: All three spins are α. This is the pure quartet with energy EQ.
: Only the spin at orbital 1 is β. This is a mixed configuration with energy , where Kpq is the exchange interaction between an electron in orbital p and another in orbital q. The inversion of the spin in orbital 1 relative to the quartet leads to a loss of exchange stabilization between this orbital and the other two, leading to the energy going up by K12 + K13.
: Only the spin at orbital 2 is β. Consequently, .
: Only the spin at orbital 3 is β. Consequently, .
Having the single determinant energies is sufficient to uniquely solve for the exchange interactions Kpq with and so on. This is quite useful as the off-diagonal CI coupling elements are from Slater–Condon rules for double excitations.69 This indicates that the knowledge of the single determinant energies is sufficient for solving the CI problem. With this, we find the eigenvalues of H within the subspace spanned by to be
The first eigenvalue corresponds to the quartet within the subspace (which is a linear combination of all three configurations with equal weights). The other two correspond to the energies of the two possible doublet states.
We propose that the same approach be employed for recoupling DFT configurations, with the KS energies of configurations being employed instead of the HF ones used in the wave function theory approach. The risk of double counting should be greatly reduced as the effective off-diagonal elements are found directly from the KS energies vs Slater–Condon rules. Indeed, the off-diagonal elements should no longer be viewed as exchange interactions but rather effective spin–spin coupling elements. The entire approach is basically equivalent to solving for the eigenstates of the effective Ising like Hamiltonian for three interacting spins, where the couplings Jij are obtained from DFT (and are equivalent to the exchange interactions Kij if HF is used as the functional). Such approaches have been used within broken-symmetry DFT to calculate spin coupling constants of transition metal species with reasonable accuracy,73–80 and it is hoped that similar behavior will transfer over. Furthermore, equivalent logic for the case of two unpaired spins yields ROKS, which is known to be quite accurate for singlet states with one broken electron pair.51,53,81 These known instances of successful behavior encourage us to believe that this protocol is worth exploring. We also note that Eqs. (2) and (3) were reported in Ref. 68 without an explicit description of the derivation, but these have not been actually applied to core-level spectroscopy (or any excited state problem) to the best of our knowledge.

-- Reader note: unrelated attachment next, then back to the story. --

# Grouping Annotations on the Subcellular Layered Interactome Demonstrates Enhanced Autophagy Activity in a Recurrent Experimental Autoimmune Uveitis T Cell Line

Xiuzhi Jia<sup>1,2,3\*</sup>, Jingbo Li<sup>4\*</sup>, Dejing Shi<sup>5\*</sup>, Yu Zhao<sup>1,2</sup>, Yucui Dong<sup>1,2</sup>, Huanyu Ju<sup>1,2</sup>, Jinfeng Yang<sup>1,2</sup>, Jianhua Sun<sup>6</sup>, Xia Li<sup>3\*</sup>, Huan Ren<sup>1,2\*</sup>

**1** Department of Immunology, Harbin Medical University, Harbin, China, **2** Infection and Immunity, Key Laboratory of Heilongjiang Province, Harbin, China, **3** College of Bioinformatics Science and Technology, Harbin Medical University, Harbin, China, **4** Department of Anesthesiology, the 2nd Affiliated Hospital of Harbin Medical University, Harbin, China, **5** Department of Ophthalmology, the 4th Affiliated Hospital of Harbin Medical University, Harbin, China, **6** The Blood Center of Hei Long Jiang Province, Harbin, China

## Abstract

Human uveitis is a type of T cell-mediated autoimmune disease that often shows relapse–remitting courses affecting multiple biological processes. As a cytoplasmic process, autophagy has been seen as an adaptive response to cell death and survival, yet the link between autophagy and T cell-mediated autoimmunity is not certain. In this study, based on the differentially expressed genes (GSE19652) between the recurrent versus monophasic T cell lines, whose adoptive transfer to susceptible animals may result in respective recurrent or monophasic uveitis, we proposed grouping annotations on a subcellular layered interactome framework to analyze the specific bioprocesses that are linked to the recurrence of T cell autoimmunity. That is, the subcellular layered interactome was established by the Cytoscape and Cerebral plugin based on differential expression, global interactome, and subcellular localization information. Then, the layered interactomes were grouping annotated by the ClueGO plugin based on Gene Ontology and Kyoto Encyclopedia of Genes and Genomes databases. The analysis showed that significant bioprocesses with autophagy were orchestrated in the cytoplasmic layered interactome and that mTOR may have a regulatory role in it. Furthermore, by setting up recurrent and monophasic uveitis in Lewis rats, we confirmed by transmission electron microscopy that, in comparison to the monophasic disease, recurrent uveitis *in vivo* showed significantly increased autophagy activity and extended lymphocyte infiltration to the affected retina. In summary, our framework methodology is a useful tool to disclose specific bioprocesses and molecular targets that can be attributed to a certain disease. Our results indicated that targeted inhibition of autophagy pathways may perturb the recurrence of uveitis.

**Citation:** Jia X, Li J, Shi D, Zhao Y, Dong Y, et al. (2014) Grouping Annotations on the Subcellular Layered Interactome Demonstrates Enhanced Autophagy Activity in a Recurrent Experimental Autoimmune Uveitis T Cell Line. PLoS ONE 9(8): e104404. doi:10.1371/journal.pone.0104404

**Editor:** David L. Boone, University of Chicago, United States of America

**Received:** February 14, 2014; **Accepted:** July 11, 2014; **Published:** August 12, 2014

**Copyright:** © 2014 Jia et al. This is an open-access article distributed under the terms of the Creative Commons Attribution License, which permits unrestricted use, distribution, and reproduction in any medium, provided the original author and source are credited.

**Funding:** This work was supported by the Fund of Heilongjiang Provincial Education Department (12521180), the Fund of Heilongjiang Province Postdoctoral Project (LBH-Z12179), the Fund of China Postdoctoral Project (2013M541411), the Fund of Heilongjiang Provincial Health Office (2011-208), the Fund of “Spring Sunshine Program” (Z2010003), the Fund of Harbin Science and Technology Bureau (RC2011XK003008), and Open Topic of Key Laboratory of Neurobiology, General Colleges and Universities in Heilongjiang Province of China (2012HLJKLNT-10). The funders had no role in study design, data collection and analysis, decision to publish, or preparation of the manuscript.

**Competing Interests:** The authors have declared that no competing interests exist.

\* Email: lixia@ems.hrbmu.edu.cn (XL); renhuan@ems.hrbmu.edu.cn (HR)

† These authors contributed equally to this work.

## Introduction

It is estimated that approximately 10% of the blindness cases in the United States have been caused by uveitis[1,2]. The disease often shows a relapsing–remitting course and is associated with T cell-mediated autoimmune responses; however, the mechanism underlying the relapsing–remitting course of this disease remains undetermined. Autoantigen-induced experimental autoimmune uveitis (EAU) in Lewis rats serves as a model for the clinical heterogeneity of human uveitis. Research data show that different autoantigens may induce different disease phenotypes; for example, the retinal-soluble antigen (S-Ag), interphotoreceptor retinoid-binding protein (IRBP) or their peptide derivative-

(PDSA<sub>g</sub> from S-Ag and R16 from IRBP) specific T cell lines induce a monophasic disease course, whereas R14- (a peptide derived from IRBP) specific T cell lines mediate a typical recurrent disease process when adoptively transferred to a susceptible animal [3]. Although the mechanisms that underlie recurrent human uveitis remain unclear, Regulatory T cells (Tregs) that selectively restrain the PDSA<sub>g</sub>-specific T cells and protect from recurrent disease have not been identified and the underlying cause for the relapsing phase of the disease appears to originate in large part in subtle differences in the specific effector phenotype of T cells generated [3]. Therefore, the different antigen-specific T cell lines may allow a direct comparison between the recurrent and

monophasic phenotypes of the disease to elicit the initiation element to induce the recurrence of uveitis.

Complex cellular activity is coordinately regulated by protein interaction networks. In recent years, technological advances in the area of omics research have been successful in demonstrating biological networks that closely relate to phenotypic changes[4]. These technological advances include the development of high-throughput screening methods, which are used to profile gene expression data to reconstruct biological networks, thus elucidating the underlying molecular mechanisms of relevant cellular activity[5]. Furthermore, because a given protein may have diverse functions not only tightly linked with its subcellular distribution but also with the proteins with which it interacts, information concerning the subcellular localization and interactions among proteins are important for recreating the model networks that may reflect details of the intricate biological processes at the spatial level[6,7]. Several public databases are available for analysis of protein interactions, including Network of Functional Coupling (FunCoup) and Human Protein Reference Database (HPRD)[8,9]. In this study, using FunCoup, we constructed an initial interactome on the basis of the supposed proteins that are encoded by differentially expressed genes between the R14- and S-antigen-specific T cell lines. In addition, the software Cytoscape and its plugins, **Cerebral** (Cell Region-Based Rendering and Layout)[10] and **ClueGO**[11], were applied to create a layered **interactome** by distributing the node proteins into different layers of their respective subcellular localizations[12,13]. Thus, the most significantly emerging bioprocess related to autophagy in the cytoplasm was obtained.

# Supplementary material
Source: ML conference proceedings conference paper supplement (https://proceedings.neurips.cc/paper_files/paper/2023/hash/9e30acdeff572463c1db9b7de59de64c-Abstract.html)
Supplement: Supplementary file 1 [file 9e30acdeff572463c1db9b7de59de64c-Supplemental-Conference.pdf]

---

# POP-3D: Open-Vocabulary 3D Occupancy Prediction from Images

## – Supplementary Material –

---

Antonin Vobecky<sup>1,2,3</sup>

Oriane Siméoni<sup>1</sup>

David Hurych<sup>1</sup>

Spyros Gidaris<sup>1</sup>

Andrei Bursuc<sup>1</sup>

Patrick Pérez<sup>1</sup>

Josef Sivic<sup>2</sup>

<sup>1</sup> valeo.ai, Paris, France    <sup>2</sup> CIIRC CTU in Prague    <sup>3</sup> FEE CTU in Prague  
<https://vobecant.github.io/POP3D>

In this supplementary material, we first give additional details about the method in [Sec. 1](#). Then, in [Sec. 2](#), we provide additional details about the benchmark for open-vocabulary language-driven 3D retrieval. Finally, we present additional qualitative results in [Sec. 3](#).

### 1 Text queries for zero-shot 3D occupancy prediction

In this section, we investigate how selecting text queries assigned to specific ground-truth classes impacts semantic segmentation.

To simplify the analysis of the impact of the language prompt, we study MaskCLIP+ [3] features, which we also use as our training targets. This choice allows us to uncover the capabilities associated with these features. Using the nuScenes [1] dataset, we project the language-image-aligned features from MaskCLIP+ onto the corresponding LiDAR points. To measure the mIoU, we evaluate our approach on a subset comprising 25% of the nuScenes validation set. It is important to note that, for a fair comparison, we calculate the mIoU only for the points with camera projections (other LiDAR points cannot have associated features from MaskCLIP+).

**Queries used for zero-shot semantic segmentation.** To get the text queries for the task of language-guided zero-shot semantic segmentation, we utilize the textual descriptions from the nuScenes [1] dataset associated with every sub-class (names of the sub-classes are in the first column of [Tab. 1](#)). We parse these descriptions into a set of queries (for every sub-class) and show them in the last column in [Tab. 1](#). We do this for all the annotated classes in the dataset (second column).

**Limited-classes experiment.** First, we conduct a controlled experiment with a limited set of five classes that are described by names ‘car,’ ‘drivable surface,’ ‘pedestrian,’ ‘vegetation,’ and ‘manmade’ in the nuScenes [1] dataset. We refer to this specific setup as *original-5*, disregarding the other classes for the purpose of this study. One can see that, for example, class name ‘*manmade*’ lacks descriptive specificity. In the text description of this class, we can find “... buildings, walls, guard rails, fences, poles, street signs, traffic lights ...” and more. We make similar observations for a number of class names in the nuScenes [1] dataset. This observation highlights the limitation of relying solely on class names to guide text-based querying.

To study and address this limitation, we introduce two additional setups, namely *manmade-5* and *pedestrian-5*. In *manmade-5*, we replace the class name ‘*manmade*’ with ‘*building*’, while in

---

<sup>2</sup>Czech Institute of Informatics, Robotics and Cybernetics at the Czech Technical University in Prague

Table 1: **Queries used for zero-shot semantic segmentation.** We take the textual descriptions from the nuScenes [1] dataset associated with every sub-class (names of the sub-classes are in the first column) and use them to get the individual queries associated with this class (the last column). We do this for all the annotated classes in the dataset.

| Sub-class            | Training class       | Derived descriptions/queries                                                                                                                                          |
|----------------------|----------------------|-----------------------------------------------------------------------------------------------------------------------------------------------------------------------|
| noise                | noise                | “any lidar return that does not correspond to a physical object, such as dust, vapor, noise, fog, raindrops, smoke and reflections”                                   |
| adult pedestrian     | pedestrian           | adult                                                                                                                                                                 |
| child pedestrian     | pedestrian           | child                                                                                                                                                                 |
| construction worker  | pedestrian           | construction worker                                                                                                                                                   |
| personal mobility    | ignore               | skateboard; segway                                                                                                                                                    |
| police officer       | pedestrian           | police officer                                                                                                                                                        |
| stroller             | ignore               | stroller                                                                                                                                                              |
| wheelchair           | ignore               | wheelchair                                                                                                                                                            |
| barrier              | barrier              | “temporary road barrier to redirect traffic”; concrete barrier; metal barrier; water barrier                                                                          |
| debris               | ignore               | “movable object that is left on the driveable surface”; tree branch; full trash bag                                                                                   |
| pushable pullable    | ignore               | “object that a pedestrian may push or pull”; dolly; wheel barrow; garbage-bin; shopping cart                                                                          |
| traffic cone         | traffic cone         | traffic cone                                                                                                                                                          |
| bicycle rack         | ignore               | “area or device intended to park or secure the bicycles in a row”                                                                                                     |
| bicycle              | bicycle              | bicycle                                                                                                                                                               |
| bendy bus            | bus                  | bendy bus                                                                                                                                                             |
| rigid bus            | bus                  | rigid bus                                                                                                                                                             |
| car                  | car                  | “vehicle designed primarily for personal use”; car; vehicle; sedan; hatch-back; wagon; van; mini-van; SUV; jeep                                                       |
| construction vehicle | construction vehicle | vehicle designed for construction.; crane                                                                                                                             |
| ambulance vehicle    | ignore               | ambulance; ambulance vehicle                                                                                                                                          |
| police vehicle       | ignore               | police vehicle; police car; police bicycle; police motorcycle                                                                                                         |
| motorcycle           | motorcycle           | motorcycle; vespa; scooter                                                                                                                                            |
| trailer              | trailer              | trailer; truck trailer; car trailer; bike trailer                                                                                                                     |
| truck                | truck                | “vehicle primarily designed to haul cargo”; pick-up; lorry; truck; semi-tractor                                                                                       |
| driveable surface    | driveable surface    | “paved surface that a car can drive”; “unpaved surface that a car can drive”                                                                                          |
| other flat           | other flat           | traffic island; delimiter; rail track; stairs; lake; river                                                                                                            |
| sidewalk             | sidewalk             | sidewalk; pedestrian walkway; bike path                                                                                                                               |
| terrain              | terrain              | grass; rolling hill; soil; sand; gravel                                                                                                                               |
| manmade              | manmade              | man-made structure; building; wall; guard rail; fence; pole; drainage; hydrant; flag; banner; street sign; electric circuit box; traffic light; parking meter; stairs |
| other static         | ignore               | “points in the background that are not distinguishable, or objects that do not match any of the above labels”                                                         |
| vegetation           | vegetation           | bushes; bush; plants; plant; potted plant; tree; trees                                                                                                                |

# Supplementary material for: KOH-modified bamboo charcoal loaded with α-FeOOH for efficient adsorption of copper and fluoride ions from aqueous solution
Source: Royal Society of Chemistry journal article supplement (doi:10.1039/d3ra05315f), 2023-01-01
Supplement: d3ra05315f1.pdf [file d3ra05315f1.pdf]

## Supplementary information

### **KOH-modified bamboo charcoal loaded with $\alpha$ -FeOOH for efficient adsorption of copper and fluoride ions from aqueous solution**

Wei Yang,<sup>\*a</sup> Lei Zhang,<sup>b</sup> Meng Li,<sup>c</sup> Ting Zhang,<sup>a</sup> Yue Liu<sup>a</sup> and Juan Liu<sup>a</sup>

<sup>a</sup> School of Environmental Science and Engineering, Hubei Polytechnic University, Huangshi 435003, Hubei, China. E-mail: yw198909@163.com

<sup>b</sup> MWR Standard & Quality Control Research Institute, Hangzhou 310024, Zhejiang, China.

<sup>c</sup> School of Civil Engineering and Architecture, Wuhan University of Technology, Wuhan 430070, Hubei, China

Having obtained E2,3 as spin-purified energies, we next seek to determine how to obtain the optimal orbitals. It is tempting to directly optimize E2,3 in a manner analogous to ROKS, but we have elected not to do so at present. This optimization is nontrivial due to the nonlinear nature of the energy expression (vs the simpler form for ROKS). In addition, the derived equation is only precisely true for restricted open-shell orbitals, while Sec. II A seems to suggest unrestricted orbitals are optimal. We therefore look to AP-ΔSCF67,68 for singlet excited states for inspiration, where the mixed determinant and triplet determinants are individually optimized (resulting in two sets of orbitals) and the singlet energy is simply computed as 2EM − ET from the individually optimized energies, instead of optimizing a single set of orbitals as in ROKS. The resulting energies however are often not dramatically different from ROKS,53 and so we choose to follow a similar protocol here to determine if there is sufficient utility in this route for recoupling mixed determinants to justify optimizing a single set of unrestricted orbitals for computing the doublet energies. We consequently optimize and individually and compute E2,3 from those optimized energies.